10 Birthdays and A Funeral

'We have to make a birthday tea for 10 and a funeral tea...'

20 March – a big day in cultural history: 43 BC – Ovid “Take your fill of amusement, but cast the veil of modesty over your peccadilloes. Never make a parade of your good fortune, and never give a woman a present that another woman will recognise.” [The Art of Love] “Death is not accustomed to injure genius, and greater fame arrives after we have become ashes…” [Epistle to an Envious Man]. 1828 – Henrik Ibsen “SOLNESS: Human beings haven’t any use for these homes of theirs. Not for being happy in. And I shouldn’t have had use for a…

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Those Barren Leaves

By Aldous Huxley (1925) “Up! up! my Friend, and quit your books; Or surely you’ll grow double: Up! up! my Friend, and clear your looks; Why all this toil and trouble? … Enough of Science and of Art; Close up those barren leaves; Come forth, and bring with you a heart That watches and receives.” [William Wordsworth, The Tables Turned (1798)] Huxley’s sojourn among the leisured and treasured and their hangers-on, impoverished chancers all, stationed above the Tyrrenhian Sea, whilst as “clever but ephemeral”* as all his books, is still a hoot, a wiry satire of cultural elites who talk…

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Watership Down by Richard Adams

Nuthanger Farm. Visited by the rabbits on their odyssey.

“Bright eyes, burning like fire…” O sorry, where were we?  I was lost in contemplation of the ugly film animation of this story – I don’t think that the term “bright eyes” appears at all in the classic children’s book. And these rabbits wouldn’t like the fire simile at all. The rabbits of Sandleford Warren have got to get out of there.  Led by intrepid Hazel and little Fiver (a seer, no less) a small but feisty party sets off for a new home which is way way too far off, across too many hazards.  On the way we learn that pet rabbits become lazy and dull, that to…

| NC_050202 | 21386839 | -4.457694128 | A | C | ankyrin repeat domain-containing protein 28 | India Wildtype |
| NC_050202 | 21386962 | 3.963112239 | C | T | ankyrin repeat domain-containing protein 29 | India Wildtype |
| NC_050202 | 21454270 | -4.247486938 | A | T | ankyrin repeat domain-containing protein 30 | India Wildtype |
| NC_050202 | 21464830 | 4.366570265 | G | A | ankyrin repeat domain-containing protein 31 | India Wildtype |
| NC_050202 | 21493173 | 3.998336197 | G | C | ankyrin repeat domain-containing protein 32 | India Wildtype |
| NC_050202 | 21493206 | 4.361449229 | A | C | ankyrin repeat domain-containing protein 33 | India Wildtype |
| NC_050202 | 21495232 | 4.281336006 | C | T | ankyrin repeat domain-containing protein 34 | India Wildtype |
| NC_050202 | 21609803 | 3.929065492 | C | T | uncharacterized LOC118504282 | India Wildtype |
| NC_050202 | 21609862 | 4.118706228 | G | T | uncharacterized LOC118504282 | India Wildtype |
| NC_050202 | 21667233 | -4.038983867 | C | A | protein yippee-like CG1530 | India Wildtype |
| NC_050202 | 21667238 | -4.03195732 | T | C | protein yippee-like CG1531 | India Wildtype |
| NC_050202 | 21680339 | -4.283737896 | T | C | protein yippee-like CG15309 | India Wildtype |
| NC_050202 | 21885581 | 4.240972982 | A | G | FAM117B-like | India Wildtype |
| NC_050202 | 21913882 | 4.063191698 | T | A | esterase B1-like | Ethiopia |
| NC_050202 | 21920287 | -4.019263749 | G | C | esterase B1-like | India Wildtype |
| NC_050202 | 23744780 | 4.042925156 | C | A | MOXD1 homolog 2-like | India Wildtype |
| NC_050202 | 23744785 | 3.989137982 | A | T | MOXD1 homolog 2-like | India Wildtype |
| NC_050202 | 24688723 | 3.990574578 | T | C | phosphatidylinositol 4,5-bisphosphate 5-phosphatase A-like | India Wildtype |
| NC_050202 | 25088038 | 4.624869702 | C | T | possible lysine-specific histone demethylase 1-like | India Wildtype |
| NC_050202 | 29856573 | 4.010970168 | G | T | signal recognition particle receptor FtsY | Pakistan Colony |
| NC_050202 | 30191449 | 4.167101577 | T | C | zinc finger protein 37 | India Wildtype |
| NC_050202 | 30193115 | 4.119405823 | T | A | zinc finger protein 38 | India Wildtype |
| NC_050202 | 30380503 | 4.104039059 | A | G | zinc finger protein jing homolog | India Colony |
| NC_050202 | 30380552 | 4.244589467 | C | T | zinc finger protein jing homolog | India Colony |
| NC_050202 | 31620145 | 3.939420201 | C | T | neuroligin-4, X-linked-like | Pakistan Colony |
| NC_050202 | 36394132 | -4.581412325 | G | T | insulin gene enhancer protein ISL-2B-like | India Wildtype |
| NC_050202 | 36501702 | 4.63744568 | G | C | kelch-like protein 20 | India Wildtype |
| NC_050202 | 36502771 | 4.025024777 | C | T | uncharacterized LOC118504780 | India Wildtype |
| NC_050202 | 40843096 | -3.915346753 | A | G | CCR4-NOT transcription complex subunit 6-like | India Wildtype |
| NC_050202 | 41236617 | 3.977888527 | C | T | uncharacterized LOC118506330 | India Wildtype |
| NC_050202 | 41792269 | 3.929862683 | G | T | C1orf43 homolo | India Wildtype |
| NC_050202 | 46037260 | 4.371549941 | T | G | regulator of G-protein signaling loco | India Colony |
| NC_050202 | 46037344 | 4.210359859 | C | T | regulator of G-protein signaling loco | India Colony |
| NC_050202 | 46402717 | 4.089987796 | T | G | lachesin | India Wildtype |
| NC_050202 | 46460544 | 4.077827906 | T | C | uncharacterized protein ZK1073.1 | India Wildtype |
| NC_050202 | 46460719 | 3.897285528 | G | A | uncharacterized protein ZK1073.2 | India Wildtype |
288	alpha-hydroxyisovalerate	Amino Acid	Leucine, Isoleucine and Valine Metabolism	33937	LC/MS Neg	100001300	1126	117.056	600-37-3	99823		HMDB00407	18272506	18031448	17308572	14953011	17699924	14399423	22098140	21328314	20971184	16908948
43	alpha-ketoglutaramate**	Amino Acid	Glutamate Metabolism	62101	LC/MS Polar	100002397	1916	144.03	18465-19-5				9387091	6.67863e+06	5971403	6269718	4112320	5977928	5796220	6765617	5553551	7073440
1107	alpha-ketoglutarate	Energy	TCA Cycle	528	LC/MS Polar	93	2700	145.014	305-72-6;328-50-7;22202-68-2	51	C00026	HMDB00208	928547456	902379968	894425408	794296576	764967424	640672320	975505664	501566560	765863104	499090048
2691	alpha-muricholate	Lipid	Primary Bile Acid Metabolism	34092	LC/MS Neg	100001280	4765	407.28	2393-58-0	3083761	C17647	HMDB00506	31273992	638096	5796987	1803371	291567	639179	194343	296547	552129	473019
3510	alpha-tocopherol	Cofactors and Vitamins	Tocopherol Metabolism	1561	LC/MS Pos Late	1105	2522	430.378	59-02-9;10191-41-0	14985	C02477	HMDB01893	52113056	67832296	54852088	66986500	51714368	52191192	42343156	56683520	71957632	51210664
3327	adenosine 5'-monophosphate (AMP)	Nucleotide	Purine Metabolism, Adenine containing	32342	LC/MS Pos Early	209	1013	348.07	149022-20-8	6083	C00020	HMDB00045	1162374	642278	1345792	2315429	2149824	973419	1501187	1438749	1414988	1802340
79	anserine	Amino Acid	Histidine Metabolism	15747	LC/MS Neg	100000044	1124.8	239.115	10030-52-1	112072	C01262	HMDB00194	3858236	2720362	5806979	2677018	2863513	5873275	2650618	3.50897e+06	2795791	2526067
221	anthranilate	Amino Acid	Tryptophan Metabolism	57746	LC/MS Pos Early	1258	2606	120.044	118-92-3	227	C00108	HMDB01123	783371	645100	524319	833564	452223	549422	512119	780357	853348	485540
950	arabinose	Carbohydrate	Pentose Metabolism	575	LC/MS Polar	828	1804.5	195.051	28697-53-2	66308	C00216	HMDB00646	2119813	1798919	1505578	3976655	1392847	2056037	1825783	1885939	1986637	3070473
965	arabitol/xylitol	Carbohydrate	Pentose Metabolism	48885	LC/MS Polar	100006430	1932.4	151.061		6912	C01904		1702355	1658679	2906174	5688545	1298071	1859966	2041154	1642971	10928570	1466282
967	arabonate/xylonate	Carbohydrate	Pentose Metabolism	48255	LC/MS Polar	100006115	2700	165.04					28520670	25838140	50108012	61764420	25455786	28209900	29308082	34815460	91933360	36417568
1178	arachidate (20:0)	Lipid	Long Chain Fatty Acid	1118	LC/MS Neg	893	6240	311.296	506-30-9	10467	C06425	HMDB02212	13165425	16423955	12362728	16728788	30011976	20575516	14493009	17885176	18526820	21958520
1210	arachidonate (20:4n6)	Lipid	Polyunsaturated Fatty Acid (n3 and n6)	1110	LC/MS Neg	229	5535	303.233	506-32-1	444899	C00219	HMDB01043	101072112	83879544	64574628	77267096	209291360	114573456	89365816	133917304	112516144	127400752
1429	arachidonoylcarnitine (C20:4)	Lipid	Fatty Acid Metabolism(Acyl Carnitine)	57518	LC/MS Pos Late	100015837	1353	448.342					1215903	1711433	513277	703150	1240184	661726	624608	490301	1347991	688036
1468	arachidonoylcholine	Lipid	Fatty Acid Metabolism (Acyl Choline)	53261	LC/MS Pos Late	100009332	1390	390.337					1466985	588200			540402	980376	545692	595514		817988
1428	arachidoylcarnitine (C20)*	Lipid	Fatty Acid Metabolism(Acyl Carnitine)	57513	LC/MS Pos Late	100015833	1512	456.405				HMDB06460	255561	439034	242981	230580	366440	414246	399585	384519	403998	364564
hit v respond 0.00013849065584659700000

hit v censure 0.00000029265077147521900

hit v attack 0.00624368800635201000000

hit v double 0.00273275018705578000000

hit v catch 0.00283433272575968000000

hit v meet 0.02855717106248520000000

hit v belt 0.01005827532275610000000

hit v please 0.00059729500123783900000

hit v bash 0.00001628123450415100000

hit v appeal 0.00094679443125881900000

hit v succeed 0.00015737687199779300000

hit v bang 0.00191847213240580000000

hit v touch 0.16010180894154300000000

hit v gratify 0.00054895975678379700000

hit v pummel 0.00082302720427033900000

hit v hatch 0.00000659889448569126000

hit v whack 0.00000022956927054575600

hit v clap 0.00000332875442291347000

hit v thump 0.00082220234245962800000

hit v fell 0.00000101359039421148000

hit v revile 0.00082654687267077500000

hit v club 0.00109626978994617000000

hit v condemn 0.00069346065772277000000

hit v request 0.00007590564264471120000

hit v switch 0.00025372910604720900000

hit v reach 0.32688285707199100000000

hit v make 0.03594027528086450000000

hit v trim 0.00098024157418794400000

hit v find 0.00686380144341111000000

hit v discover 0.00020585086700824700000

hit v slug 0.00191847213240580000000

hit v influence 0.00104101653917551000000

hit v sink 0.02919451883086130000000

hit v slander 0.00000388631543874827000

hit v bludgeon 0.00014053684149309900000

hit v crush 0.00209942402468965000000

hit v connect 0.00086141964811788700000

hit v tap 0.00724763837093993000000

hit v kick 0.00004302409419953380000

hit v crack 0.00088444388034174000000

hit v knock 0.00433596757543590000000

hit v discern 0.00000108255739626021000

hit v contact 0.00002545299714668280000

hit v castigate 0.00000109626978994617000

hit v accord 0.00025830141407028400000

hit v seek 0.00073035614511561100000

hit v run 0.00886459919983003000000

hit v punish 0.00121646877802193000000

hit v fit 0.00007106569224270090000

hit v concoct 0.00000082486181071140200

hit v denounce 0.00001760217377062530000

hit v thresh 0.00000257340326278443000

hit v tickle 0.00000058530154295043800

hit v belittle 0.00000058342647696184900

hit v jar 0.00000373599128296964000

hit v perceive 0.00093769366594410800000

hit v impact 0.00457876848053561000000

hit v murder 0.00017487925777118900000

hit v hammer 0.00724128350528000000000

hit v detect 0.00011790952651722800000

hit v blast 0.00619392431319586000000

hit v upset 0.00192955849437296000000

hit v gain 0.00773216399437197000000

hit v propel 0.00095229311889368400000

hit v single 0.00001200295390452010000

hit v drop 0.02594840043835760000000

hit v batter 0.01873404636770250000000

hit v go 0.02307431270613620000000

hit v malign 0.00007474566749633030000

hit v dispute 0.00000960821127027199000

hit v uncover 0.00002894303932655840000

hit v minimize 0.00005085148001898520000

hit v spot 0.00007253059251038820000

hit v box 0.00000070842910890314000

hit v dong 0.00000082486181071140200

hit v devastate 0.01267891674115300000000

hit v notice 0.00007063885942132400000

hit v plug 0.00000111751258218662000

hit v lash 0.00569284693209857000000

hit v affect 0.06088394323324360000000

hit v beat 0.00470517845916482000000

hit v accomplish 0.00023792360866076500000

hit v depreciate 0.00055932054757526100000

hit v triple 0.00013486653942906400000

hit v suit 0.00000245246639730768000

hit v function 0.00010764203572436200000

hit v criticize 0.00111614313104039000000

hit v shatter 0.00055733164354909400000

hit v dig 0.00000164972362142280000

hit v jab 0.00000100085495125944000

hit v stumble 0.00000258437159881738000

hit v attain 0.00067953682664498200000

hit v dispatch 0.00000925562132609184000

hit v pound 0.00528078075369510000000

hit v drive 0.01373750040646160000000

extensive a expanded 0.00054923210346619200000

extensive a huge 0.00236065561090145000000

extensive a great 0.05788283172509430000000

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My Brilliant Friend (by Elena Ferrante)

February 13, 2018 | Posted by Lesley Jakobsen | Fiction, THUMBNAIL REVIEWS, WRITING & LITERATURE |

Children of Naples

In a ragged post-war Neapolitan suburb, families send their children to school under sufferance. But two young pupils –  pointlessly enough, girls – exhibit well above-average intellectual ability.  But which one of the pair is the brilliant friend?  Studious, pragmatic Elena, or the mercurial, nihilistic Lila? The girls’ time and place is particularly dangerous.  “Our world was like that, full of words that killed: croup, tetanus, typhus, gas, war, lathe, rubble, work, bombardment, bomb, tuberculosis, infection.  With these words and those years I bring back the many fears that accompanied me all my life.” But then again, it is an all-too familiar child’s world of not quite-real, misunderstood…

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Lost in Translation

February 9, 2018 | Posted by Peter Jakobsen | Fiction, Poetry, WRITING & LITERATURE |

(Thomas Bernhard, 9 February 1931 – 12 February 1989) ‘Lost in Translation‘ is an average film, but an excellent phrase. The Bridge between languages is (to cite another poor film) A Bridge Too Far, where literary translation is concerned. L may be close to mastering Classical Greek but this does not solve the problem of children in England who have to take a test on The Iliad. Whether translation be ‘faithful’ or ‘loose,’ the rules of language suggest that most literary translation will be something else than the original.  If you don’t believe me, try reading The Odyssey by Alexander…

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